• It gives you complete confidence of achieving goal 2—not running out of money.
  • It results in yearly spending amounts that are completely market-driven and could fall below what you actually need to live.
  • It could be best for someone whose main concern is ensuring they don't deplete their portfolio and who can adapt their budget to a wide variety of spending levels.

It can be overwhelming to save for decades and then in retirement try to figure out how much you can take out of your portfolio. That's why my clients have a strategy for withdrawals just like they had for saving.

How to choose an initial withdrawal amount

Although 4% is a popular guideline, research has established it as "safe" only for specific time frames and allocations. And safe means different things to different people. For you, 4% could be too much—or too little. Here are the factors we consider when choosing a withdrawal rate for an individual client:

4 levers affecting withdrawal rates

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Dynamic spending strategy

Understanding that many people aren't able to prioritize either level spending or portfolio preservation, we identified a need for a retirement strategy that achieves both important goals—covering current spending while aiming to preserve enough money for the future.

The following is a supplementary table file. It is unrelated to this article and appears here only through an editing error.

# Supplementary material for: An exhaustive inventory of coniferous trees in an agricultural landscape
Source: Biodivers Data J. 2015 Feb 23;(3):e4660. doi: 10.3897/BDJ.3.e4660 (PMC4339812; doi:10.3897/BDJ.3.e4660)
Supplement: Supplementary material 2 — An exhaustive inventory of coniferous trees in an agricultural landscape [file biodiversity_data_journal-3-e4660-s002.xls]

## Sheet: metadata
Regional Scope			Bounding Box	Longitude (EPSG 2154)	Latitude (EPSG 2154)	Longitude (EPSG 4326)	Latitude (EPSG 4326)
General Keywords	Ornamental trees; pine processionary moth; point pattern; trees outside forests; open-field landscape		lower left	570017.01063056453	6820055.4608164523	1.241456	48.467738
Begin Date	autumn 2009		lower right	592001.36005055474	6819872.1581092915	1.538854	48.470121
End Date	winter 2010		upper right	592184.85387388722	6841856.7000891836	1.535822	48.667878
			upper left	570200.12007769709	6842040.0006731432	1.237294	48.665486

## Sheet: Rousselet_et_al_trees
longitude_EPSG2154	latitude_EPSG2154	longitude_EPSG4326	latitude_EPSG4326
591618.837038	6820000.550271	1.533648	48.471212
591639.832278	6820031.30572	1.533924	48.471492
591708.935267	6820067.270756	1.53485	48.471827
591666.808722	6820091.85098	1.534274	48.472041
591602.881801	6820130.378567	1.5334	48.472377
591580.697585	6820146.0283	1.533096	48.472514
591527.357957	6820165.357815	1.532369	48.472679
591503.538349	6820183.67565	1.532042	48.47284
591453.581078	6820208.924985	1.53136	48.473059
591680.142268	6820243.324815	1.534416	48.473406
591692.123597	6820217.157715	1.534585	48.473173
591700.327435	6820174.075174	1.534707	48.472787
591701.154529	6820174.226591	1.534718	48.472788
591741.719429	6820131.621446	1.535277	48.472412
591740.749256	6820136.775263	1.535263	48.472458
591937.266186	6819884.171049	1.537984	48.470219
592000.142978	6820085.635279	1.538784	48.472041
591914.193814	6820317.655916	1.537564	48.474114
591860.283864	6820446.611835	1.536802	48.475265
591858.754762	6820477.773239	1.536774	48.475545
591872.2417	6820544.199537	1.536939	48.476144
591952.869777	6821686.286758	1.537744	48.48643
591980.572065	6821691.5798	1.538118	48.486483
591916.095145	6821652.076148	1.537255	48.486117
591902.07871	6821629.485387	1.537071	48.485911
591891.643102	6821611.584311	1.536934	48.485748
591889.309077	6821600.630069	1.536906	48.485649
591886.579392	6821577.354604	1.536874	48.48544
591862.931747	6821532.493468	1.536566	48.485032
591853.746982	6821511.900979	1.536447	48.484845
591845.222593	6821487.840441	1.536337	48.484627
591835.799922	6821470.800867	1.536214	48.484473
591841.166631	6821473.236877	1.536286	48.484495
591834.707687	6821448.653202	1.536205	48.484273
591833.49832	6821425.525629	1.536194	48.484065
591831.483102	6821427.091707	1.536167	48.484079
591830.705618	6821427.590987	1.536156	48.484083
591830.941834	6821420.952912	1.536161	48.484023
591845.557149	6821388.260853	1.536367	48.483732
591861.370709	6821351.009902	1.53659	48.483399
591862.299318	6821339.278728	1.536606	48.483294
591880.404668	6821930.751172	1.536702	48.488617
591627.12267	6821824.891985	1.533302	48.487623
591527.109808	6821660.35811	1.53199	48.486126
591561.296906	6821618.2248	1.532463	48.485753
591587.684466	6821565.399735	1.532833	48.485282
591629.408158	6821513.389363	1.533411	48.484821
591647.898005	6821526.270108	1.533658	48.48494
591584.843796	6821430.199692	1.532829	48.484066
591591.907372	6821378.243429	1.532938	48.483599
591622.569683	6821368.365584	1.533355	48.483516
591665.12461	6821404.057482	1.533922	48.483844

Dynamic spending, which is a hybrid of the dollar plus inflation and percentage of portfolio rules, does just that. It builds on people's natural tendency to spend more when markets are up and less when markets are down—but moderates the wild swings you get when giving market performance free rein over your spending.

In other words, it achieves a happy medium. Your spending is more flexible than with a dollar plus inflation approach, but also more stable than with the percentage of portfolio approach. It's also completely customizable, so in addition to deciding how much to withdraw the first year, you decide how much you're willing (and able) to raise or lower your spending in response to market movements.